Tax Implications of Equity Distribution in Cap Tables

Tax Implications of Equity Distribution in Cap Tables

When it comes to running a startup, cap tables are an essential tool for keeping track of equity ownership. Cap tables can help you understand the value of your company, attract investors, and motivate employees with stock options. However, it’s important to consider the tax implications of equity distribution in cap tables. In this article, we’ll explore what you need to know.

Equity Compensation and Taxes

Equity compensation can be a great way to incentivize employees to help your company grow. However, it’s important to understand how these transactions are taxed. Generally, employees are taxed on equity compensation according to the same rules that apply to stock options. Taxes occur at two points of the equity distribution lifecycle, when the options are exercised and when the resulting shares are sold.

Taxation at Option Exercise

When an employee is granted stock options, they typically have to pay the exercise price to obtain the shares. This transaction is considered a taxable event, and the difference between the fair market value of the shares at exercise and the exercise price is treated as ordinary income. This amount is also subject to payroll taxes such as Social Security and Medicare. As an employer, it’s important to consider the impact of these taxes when determining the strike price for options.

Taxation at Share Sale

When employees sell their shares, they will be subject to capital gains tax. Capital gains are equal to the difference between the sale price and the fair market value of the shares at the time of exercise. Long-term capital gains, where shares are held for more than one year, are taxed at a lower rate than short-term capital gains, which occur on shares held for less than one year.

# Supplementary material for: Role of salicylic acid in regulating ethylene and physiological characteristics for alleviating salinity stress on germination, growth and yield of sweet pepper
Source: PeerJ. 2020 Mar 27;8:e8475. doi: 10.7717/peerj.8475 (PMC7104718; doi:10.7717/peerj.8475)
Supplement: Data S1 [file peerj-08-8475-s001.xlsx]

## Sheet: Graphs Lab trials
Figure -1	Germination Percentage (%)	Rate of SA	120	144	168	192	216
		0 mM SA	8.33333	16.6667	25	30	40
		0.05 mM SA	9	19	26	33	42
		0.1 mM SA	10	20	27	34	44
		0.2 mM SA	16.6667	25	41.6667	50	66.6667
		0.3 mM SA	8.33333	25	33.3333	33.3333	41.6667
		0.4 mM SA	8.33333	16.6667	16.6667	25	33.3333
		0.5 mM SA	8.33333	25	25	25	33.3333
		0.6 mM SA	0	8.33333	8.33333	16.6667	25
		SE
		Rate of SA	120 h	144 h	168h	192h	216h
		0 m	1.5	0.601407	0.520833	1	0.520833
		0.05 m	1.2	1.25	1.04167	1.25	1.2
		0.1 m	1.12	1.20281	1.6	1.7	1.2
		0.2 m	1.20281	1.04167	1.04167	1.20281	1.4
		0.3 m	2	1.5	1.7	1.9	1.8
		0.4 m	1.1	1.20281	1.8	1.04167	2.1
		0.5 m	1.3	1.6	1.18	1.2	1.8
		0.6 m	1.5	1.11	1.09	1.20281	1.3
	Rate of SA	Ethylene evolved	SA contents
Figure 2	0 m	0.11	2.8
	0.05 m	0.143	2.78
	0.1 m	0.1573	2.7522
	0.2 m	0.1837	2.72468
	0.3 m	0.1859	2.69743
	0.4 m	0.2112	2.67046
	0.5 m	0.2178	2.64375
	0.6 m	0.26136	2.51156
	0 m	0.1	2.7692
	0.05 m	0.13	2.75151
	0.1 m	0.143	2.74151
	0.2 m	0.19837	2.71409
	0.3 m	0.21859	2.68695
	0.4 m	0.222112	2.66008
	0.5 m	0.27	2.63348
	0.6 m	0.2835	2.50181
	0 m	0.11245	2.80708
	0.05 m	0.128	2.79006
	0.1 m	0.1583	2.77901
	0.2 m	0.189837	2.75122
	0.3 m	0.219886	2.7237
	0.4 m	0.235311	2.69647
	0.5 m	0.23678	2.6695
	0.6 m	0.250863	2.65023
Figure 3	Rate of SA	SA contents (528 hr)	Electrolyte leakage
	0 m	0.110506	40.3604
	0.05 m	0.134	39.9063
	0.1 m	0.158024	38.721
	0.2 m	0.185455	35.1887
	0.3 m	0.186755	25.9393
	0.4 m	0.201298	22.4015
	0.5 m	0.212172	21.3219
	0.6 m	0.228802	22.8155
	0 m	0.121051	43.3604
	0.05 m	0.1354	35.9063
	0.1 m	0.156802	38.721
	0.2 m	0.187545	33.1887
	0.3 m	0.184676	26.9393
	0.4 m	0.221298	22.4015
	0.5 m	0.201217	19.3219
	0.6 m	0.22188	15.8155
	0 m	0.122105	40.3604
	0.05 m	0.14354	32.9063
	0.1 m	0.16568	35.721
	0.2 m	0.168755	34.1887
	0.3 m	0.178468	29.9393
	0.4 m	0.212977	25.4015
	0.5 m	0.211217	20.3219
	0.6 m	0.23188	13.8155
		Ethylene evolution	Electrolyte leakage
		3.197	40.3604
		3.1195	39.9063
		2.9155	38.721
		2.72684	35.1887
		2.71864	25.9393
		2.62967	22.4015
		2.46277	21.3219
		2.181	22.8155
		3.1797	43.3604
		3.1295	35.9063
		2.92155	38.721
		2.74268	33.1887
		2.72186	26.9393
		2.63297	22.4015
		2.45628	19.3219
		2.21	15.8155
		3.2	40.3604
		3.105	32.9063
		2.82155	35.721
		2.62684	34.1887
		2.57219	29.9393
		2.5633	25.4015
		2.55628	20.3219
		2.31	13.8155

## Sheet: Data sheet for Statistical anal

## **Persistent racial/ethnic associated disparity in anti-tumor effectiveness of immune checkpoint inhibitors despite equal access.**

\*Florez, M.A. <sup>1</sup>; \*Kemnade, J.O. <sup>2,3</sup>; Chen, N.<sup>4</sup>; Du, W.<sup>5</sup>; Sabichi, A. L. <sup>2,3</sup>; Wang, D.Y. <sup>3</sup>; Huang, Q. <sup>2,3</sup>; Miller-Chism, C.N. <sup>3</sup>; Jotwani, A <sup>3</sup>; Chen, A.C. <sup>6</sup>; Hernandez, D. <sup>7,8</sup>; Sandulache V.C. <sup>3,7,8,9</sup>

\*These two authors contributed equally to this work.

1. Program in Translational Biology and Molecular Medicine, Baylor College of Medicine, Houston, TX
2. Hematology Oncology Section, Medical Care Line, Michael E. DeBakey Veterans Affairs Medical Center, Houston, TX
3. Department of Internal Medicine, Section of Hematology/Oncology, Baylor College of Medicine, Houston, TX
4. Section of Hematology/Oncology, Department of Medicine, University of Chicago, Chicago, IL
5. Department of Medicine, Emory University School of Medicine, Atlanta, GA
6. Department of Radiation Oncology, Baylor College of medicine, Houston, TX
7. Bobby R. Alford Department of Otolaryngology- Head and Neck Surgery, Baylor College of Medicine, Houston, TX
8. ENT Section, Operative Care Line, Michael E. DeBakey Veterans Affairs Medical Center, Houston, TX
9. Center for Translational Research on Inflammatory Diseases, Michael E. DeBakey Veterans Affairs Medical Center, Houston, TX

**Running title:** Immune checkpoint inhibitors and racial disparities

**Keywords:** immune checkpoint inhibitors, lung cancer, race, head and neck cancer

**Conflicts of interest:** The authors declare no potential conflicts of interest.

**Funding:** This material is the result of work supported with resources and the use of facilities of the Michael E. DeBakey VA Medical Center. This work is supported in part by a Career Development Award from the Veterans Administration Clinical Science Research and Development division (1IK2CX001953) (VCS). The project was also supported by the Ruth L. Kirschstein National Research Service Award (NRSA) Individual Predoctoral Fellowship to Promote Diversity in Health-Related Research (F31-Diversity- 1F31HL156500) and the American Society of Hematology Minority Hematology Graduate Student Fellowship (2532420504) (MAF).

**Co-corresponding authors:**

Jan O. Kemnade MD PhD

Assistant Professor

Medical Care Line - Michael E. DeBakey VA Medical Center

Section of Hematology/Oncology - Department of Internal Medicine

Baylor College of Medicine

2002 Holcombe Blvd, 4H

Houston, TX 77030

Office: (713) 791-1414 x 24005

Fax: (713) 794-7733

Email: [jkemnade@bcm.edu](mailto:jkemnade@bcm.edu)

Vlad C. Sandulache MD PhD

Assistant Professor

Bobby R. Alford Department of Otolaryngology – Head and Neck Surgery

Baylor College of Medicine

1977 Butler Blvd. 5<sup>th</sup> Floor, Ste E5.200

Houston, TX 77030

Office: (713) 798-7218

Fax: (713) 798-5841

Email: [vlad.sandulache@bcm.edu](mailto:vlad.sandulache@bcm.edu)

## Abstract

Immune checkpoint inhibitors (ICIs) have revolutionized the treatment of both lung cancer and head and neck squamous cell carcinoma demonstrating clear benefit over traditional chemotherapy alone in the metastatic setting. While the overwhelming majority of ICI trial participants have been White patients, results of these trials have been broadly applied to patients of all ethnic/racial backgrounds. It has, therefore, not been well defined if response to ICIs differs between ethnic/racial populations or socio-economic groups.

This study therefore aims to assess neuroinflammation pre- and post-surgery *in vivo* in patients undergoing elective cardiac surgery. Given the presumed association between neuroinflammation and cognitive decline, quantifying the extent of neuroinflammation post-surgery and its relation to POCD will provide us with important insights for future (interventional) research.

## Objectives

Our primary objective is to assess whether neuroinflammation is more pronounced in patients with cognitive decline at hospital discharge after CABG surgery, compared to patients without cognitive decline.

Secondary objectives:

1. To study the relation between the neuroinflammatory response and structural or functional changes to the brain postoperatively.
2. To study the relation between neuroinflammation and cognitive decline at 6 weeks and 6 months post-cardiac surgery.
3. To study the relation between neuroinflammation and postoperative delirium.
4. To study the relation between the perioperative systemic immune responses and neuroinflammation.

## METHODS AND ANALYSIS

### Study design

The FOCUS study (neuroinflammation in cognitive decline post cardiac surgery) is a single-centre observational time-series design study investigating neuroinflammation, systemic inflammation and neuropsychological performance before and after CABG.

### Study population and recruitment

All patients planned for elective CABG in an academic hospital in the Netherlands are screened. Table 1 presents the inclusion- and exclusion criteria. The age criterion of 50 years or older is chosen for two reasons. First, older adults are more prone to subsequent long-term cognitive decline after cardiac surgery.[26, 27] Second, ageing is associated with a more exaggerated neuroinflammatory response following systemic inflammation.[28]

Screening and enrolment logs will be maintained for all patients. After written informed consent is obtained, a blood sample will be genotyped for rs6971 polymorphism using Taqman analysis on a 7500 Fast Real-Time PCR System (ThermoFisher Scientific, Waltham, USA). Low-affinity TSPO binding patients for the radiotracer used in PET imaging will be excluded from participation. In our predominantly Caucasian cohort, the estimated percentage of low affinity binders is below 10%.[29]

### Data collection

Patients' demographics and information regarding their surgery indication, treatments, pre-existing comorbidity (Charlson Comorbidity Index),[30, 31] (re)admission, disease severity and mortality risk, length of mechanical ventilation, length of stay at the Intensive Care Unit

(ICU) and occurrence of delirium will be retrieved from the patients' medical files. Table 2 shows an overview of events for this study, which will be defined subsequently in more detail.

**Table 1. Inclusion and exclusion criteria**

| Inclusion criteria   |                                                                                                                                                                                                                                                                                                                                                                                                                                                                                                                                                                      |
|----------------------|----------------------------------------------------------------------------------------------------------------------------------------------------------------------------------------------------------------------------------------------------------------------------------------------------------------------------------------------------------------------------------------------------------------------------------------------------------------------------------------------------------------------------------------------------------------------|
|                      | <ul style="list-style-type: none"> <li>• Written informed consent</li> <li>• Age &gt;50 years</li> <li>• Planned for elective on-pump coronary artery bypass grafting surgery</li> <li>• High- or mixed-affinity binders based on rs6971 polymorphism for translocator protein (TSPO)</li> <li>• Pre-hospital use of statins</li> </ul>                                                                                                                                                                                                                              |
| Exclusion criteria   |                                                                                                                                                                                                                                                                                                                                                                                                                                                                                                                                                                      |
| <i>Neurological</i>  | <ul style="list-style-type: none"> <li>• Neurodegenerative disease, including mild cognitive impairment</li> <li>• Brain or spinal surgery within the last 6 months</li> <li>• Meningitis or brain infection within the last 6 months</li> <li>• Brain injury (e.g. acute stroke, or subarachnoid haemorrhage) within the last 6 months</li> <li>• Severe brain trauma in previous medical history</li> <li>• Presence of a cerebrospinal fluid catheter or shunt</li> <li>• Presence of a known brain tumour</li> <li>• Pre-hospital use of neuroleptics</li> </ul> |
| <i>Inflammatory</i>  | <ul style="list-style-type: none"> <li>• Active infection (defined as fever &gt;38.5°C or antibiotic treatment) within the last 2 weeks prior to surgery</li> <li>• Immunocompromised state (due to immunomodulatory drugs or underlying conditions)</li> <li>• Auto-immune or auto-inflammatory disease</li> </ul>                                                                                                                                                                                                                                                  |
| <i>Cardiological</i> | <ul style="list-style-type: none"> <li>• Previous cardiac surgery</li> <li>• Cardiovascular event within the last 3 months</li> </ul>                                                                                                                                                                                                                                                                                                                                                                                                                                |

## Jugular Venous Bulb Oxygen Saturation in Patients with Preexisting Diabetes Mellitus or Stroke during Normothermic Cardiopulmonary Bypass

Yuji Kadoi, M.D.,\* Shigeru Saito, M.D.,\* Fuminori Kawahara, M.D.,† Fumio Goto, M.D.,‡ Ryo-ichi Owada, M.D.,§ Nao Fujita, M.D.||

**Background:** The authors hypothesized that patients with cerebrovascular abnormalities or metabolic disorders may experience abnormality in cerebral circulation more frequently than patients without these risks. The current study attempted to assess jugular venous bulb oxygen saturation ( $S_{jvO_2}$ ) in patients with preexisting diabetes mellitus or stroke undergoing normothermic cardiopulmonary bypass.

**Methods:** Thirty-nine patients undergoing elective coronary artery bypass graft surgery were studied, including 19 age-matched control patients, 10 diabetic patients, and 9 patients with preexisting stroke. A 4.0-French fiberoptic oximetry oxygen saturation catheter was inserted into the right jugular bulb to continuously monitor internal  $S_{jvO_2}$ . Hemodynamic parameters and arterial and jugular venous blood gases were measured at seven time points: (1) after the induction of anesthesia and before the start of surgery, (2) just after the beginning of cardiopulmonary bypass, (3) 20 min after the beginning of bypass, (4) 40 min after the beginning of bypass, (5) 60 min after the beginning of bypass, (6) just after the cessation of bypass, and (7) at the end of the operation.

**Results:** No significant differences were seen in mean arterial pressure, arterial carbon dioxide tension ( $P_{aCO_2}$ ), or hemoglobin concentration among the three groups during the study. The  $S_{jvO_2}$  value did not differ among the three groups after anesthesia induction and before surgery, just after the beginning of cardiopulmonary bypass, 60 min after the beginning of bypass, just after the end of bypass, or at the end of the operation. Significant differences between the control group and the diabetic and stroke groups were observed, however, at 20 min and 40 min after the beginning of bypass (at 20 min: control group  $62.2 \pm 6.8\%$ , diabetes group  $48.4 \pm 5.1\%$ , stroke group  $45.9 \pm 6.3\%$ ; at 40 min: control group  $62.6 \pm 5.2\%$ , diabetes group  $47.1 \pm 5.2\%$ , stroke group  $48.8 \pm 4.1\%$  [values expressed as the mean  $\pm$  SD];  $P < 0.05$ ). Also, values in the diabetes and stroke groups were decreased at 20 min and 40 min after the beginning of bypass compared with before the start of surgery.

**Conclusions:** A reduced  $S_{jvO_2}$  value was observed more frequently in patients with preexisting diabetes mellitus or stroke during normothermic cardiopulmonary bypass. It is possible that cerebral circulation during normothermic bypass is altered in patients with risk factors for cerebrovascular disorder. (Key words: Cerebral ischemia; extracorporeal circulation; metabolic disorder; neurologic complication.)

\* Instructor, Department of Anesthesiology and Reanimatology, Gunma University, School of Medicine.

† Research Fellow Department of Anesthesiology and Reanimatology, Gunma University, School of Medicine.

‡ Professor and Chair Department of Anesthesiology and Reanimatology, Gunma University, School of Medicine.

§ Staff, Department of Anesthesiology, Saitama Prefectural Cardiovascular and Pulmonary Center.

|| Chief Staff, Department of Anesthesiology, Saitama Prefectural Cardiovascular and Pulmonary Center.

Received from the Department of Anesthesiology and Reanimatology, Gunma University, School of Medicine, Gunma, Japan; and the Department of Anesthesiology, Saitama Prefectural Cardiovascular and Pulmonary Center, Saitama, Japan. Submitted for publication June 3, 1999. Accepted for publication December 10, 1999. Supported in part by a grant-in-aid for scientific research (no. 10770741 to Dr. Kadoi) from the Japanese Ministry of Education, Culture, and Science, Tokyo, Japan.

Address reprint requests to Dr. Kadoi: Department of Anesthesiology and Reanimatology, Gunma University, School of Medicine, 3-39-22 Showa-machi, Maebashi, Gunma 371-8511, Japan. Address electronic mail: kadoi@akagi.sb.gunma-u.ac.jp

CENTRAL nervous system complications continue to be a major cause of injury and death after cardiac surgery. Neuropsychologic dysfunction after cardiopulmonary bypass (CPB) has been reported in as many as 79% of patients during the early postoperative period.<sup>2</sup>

Tax Implications of Equity Distribution in Cap Tables

Now that we’ve covered the basics of equity compensation taxation, let’s explore how this applies to cap tables. Managing equity distribution in cap tables involves keeping track of who owns what percentage of the company and how that ownership has changed over time. When issuing new shares or options, it’s important to consider the tax implications of these transactions.

Dilution and Taxes

Dilution occurs when new shares are issued, resulting in existing shareholders owning a smaller percentage of the company. It’s important to consider the tax implications of dilution when issuing new shares. For example, if new shares are issued at a lower price than the fair market value at exercise, then employees may be subject to a higher tax bill when they exercise their options. Conversely, if new shares are issued at a higher price than the fair market value at exercise, then employees may be subject to a lower tax bill, but dilution occurs.

Equity Compensation and 409A Valuations

Equity compensation must be granted at a price that is at or above the fair market value of the shares at the time of grant to comply with Section 409A of the Internal Revenue Code. Failing to comply with 409A can result in significant tax penalties for both the company and employees. Therefore, it’s important to obtain regular 409A valuations to ensure that options are being granted at the appropriate price.

Conclusion

Equity distribution in cap tables can be a powerful tool for motivating employees and attracting investors. However, it’s important to consider the tax implications of equity compensation. Managing these taxes requires careful planning and coordination between company management and employees. By staying up-to-date on tax rules and following best practices, you can ensure that your equity distribution strategy is tax efficient and supports the long-term growth of your business.